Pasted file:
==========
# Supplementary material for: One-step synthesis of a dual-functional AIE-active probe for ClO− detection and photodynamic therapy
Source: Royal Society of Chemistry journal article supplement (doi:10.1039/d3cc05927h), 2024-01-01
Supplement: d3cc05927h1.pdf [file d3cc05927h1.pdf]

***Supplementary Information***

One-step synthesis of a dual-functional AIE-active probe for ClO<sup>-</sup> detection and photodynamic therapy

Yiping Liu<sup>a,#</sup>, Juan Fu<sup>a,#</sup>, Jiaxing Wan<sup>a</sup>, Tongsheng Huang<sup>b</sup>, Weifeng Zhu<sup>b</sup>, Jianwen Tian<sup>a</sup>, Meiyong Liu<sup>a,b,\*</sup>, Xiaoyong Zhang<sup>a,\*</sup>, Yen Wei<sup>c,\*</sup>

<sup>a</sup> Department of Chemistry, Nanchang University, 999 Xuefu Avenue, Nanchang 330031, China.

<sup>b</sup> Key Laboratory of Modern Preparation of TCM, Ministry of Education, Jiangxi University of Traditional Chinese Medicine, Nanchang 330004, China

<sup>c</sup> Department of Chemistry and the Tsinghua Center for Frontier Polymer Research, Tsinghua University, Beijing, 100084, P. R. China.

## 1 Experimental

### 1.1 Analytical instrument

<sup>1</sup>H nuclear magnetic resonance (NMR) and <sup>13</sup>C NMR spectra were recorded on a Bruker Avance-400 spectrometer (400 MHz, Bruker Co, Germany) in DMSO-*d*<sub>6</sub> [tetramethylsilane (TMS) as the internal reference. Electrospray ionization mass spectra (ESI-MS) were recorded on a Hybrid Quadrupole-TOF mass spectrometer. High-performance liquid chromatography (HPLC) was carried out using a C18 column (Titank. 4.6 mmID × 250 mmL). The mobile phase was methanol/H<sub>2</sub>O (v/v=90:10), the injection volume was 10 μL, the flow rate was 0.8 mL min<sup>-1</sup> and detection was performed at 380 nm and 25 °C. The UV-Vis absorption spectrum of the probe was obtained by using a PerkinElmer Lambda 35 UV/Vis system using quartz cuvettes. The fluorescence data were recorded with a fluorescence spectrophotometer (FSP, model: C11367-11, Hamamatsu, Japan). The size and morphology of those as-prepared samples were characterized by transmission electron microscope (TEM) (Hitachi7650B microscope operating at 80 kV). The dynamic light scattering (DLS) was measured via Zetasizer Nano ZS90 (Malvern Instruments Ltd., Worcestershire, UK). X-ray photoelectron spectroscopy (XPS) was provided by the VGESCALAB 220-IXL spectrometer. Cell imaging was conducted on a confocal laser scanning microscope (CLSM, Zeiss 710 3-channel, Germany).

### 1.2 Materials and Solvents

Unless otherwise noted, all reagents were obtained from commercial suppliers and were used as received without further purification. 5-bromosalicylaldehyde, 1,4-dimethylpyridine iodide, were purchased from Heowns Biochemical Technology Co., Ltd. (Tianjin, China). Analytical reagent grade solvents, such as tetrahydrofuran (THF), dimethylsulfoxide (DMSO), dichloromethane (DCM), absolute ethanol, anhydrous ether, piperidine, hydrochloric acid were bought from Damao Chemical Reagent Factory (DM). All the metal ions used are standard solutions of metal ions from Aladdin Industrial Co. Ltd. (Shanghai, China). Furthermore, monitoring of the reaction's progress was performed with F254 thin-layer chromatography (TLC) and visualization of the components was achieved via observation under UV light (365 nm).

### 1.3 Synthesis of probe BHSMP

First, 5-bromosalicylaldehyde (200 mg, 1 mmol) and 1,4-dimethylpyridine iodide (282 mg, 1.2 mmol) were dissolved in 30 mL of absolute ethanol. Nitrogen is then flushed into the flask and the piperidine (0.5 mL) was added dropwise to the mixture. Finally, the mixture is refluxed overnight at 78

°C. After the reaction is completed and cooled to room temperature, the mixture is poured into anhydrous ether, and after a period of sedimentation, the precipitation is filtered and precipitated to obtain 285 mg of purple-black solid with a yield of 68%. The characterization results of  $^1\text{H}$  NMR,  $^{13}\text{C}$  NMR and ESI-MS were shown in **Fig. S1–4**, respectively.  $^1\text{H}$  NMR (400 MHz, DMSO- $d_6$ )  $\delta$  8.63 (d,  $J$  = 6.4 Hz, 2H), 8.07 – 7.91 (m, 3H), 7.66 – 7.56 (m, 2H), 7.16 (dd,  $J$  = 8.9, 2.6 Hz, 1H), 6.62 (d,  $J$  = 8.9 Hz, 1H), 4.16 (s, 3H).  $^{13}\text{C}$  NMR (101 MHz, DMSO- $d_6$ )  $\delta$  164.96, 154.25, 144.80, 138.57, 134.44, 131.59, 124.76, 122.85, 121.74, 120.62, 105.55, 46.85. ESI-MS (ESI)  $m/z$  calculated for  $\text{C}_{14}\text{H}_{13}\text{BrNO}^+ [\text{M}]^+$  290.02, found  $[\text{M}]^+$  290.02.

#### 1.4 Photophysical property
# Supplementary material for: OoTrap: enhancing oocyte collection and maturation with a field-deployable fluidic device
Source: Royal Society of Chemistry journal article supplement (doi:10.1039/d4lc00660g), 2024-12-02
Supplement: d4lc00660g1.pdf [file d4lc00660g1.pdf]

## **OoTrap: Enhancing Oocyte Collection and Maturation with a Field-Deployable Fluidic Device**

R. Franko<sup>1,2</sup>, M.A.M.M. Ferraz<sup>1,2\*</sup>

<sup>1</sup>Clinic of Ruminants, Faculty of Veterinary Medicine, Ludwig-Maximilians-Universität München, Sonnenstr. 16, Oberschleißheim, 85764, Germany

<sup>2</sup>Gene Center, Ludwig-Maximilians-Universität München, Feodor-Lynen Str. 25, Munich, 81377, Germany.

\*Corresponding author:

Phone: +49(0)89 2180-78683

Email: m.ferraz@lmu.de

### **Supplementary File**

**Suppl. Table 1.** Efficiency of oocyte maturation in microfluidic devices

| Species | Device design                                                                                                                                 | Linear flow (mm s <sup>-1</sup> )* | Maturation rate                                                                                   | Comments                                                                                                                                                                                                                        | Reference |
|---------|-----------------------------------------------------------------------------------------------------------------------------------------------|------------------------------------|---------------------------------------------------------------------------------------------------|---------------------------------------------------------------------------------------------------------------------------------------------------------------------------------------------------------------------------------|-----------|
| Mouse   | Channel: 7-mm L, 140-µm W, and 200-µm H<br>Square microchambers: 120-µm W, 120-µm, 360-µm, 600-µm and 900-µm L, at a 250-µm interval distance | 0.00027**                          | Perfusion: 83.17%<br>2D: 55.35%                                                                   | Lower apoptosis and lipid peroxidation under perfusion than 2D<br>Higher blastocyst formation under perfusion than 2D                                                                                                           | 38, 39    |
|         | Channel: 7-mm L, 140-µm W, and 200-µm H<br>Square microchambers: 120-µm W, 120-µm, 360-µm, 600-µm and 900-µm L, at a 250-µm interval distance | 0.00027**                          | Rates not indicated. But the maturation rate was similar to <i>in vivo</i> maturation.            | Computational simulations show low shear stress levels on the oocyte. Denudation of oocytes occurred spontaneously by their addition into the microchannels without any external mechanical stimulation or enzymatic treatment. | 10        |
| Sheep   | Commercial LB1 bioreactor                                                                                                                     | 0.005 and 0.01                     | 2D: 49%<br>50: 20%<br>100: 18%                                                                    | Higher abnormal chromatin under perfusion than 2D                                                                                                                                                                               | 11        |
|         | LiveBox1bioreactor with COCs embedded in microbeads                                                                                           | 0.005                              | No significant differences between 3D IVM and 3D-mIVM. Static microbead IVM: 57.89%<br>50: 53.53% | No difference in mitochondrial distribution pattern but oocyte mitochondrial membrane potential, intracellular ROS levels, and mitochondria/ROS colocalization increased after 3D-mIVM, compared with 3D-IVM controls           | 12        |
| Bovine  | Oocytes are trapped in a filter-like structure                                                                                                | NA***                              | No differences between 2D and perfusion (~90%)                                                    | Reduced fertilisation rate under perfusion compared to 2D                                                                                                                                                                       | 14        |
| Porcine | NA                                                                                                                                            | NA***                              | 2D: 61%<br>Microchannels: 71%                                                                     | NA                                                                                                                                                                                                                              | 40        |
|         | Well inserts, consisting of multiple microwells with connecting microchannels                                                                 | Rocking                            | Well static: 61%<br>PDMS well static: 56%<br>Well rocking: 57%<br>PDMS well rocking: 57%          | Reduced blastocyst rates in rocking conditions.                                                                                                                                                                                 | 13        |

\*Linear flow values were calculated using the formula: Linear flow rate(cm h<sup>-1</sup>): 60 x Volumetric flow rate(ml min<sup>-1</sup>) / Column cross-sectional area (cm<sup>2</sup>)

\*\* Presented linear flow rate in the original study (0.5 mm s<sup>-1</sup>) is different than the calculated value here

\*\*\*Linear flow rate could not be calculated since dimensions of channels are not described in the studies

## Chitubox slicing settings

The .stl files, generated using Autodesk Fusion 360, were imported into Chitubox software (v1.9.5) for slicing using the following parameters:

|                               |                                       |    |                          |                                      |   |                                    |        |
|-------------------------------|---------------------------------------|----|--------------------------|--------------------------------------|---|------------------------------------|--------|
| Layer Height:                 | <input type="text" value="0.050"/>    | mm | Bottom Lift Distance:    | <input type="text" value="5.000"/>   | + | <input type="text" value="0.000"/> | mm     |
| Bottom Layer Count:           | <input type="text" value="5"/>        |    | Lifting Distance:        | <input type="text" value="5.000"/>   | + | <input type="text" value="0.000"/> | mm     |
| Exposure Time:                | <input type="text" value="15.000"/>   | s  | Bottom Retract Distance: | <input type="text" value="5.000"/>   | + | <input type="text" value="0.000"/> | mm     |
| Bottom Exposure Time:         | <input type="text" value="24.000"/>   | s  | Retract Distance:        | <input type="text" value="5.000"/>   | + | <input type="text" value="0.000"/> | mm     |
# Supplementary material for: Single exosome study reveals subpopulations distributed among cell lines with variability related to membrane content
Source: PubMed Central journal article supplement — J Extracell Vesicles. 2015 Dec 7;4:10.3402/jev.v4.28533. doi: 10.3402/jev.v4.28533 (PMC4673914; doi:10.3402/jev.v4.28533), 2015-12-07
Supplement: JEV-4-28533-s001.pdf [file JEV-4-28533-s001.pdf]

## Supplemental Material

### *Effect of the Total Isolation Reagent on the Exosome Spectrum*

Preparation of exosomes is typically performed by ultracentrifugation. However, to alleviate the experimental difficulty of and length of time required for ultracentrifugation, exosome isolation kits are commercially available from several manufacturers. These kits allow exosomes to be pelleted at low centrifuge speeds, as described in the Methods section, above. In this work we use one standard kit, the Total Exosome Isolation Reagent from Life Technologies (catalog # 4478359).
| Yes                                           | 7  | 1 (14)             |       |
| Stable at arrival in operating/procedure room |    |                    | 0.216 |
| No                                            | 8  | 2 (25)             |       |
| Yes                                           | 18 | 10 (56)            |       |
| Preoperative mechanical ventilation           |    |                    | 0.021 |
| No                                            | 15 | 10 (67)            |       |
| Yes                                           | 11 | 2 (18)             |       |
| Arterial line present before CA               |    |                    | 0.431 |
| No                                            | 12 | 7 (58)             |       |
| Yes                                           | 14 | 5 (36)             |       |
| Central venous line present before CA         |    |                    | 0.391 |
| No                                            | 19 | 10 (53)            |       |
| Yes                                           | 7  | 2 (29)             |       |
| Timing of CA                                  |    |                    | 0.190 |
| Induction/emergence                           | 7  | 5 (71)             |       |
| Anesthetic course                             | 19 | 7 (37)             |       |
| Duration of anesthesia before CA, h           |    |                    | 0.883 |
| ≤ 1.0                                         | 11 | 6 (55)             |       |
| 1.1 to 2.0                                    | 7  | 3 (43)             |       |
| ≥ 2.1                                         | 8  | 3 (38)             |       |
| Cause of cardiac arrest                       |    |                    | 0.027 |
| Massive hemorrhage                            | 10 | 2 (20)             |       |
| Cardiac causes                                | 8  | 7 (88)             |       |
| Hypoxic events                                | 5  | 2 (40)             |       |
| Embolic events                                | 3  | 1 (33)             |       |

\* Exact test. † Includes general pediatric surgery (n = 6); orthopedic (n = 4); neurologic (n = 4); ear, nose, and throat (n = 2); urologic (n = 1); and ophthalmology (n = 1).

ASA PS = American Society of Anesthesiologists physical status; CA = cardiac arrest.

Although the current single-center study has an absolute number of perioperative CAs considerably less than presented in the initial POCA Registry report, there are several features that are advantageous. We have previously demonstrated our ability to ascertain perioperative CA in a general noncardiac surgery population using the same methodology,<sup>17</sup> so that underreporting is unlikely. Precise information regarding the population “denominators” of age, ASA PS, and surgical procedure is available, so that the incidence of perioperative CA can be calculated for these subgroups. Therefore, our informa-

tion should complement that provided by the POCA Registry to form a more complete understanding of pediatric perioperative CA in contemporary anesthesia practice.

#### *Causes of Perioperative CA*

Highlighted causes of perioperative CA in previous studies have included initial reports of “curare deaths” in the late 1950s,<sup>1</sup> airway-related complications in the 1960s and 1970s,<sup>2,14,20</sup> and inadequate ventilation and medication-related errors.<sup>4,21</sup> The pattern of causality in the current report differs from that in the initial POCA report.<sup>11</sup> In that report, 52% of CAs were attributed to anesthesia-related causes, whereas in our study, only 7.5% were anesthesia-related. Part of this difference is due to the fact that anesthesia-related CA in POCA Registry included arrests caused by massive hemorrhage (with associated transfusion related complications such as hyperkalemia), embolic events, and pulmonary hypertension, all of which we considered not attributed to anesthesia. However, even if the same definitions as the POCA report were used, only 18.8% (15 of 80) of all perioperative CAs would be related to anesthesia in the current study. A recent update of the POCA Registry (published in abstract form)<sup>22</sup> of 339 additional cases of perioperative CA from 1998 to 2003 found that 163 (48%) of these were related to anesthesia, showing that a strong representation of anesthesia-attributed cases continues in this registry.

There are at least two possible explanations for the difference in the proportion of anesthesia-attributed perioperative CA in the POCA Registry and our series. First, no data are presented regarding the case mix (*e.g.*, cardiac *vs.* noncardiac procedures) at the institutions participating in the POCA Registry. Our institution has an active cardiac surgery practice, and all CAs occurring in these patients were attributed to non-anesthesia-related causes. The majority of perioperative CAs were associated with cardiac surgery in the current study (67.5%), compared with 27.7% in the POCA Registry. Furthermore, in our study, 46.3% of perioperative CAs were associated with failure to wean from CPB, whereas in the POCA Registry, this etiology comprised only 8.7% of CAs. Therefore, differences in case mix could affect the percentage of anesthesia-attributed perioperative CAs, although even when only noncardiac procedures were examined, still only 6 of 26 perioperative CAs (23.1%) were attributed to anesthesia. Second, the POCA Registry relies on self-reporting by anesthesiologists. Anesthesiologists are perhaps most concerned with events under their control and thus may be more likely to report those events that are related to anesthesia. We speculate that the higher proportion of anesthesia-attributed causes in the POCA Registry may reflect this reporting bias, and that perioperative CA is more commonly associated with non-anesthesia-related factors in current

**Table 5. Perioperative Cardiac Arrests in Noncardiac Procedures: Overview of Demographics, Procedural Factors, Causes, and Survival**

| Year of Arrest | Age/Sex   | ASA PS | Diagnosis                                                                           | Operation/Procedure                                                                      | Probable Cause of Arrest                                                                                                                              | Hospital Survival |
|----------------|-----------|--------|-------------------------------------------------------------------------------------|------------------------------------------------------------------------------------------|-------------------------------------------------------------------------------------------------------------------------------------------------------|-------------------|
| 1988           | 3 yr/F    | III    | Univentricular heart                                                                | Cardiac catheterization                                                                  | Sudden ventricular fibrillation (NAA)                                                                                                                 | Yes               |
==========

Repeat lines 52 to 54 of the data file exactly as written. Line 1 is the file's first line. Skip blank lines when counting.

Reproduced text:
Source: PubMed Central journal article supplement — J Extracell Vesicles. 2015 Dec 7;4:10.3402/jev.v4.28533. doi: 10.3402/jev.v4.28533 (PMC4673914; doi:10.3402/jev.v4.28533), 2015-12-07
Supplement: JEV-4-28533-s001.pdf [file JEV-4-28533-s001.pdf]

## Supplemental Material